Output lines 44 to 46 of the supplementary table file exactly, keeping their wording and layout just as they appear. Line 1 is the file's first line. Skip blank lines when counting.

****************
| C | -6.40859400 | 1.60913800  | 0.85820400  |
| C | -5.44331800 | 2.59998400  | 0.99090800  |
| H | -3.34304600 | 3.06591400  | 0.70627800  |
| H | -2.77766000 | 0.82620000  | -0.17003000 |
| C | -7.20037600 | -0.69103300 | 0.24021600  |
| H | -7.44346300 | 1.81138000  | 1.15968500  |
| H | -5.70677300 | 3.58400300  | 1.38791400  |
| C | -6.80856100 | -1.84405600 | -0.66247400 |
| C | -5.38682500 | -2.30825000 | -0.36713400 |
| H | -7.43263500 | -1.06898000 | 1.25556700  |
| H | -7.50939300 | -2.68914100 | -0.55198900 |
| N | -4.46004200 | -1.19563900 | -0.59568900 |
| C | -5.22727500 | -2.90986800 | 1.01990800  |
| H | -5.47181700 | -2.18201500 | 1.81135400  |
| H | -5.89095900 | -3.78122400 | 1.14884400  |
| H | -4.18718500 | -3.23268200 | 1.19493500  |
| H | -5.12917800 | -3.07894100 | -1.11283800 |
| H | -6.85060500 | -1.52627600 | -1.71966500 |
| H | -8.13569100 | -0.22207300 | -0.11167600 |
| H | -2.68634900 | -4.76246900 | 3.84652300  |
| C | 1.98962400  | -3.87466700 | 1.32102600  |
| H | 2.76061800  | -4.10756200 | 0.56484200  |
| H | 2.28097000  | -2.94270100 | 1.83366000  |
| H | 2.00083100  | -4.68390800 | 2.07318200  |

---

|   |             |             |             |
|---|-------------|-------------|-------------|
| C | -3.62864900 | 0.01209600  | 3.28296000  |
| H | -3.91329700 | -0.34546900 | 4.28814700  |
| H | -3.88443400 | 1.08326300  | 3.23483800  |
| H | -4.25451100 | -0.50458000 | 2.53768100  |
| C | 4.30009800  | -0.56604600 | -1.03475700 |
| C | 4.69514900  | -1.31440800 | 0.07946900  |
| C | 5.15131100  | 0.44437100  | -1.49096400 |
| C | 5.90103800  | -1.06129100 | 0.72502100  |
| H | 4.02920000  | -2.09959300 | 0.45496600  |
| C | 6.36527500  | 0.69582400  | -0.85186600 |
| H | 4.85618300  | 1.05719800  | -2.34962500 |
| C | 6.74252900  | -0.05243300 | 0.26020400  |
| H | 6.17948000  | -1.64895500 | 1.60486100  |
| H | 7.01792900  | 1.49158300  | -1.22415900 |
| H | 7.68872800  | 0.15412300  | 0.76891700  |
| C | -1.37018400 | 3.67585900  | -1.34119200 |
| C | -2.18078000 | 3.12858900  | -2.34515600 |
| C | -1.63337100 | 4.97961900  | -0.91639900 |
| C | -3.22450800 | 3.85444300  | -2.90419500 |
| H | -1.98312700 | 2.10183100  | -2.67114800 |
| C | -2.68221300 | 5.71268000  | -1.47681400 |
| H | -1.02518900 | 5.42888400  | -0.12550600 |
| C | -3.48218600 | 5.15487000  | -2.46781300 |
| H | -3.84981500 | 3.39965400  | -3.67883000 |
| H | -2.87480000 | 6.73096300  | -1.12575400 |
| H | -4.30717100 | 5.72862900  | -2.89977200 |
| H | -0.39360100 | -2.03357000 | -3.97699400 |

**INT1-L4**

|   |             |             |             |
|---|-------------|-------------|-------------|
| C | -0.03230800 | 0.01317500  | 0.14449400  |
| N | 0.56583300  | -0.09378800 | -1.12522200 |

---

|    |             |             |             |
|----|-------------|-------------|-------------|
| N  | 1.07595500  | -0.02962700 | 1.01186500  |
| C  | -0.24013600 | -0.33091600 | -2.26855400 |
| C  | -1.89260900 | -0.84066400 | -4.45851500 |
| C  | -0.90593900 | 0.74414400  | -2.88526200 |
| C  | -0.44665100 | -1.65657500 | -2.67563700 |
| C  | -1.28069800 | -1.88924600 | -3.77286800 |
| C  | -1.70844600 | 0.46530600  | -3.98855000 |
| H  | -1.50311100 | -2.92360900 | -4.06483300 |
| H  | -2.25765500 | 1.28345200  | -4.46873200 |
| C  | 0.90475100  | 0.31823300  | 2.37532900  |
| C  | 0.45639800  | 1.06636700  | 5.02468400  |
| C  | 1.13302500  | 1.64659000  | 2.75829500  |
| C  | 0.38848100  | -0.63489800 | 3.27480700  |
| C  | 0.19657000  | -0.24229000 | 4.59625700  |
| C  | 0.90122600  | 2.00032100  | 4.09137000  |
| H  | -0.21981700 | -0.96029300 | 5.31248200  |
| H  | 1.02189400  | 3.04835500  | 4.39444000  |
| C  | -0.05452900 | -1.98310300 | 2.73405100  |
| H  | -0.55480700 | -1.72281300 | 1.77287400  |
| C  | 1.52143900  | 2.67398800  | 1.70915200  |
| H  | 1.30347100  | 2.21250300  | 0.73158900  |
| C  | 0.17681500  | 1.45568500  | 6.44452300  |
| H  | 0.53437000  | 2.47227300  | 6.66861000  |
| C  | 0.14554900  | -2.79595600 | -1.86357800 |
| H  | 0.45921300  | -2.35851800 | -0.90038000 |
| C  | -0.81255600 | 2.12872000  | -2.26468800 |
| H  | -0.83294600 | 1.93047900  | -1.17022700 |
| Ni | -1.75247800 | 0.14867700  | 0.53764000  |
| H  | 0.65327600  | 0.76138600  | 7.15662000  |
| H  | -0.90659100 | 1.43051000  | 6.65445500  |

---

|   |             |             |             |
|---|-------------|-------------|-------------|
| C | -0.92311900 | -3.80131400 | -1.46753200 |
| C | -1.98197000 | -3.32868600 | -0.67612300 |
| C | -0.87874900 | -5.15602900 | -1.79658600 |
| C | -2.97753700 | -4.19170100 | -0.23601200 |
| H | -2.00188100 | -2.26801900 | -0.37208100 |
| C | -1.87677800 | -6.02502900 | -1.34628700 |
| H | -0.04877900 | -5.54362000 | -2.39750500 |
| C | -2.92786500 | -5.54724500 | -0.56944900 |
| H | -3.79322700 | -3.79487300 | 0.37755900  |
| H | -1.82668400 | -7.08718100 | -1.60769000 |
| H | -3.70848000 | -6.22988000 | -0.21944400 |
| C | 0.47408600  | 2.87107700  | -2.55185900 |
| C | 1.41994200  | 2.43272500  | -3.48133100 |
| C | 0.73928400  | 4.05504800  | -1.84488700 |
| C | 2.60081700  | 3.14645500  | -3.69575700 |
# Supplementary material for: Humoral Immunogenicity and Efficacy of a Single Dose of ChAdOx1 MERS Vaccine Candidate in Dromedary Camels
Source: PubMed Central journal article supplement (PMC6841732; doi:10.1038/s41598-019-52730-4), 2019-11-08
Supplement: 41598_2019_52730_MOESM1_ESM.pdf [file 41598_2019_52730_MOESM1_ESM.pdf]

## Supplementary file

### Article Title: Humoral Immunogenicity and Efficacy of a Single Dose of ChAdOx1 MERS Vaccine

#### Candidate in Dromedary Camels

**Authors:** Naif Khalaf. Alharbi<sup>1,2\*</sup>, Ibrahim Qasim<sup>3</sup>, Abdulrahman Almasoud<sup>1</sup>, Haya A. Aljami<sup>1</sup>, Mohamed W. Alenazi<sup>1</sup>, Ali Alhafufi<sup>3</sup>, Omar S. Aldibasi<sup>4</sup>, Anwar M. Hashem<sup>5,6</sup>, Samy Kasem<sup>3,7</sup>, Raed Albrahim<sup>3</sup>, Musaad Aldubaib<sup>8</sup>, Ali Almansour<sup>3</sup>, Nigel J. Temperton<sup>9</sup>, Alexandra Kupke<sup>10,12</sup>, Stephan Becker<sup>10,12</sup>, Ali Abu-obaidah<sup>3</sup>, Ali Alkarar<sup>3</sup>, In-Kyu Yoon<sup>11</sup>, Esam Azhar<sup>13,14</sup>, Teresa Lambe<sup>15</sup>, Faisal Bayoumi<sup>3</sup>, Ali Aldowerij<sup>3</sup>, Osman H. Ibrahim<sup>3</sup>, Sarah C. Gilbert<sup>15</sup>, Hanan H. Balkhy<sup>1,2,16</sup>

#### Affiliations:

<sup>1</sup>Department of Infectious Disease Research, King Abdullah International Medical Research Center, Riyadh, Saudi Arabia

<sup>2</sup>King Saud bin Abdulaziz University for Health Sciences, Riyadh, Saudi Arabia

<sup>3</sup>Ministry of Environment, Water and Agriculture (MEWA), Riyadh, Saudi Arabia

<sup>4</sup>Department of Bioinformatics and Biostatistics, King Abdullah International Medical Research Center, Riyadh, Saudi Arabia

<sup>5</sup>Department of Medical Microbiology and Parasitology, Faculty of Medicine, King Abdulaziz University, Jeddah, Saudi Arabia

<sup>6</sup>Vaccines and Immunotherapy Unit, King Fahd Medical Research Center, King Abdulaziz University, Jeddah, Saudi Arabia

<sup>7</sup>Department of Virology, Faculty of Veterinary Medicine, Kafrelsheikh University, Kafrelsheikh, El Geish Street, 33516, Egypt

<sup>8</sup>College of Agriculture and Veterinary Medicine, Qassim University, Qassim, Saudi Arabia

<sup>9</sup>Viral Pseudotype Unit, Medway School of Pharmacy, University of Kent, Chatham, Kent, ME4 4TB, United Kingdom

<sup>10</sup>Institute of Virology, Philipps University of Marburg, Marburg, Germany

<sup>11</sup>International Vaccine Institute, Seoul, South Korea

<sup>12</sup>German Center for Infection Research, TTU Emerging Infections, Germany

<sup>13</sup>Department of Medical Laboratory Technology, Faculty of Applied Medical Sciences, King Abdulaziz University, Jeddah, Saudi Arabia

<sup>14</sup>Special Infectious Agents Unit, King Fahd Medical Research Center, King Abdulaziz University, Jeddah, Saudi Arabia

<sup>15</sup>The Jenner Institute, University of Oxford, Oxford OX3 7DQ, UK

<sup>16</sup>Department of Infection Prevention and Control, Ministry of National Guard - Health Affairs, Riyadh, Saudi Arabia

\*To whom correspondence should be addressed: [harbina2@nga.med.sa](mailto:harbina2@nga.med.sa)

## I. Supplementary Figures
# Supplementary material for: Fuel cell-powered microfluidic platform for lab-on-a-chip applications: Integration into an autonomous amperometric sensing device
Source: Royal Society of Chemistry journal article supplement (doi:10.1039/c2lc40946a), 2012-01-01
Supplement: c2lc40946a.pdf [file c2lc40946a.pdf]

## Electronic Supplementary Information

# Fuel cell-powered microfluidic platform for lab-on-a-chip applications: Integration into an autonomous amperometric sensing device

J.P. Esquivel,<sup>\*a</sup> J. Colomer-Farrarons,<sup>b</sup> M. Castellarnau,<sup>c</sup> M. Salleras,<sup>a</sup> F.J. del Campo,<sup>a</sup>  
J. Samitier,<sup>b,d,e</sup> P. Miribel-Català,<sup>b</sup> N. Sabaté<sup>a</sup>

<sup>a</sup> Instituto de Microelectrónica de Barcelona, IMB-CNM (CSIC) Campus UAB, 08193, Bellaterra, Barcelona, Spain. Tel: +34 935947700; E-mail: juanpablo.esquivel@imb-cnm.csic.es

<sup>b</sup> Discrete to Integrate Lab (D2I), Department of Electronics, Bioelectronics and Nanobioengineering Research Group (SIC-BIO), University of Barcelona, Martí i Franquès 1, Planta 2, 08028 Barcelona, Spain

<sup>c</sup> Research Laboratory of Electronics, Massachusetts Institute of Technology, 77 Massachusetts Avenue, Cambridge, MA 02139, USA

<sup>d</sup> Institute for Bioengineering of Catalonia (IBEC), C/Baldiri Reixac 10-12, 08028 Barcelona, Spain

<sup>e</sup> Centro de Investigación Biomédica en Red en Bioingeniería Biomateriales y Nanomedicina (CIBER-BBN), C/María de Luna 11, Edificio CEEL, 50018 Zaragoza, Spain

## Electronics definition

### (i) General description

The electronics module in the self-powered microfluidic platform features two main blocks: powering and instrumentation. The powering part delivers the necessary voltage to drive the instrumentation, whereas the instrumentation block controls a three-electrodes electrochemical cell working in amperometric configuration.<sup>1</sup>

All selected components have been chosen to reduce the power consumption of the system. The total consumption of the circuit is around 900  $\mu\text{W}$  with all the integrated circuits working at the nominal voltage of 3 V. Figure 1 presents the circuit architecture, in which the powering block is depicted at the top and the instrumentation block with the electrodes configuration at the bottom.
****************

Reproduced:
| C | -2.18078000 | 3.12858900  | -2.34515600 |
| C | -1.63337100 | 4.97961900  | -0.91639900 |
| C | -3.22450800 | 3.85444300  | -2.90419500 |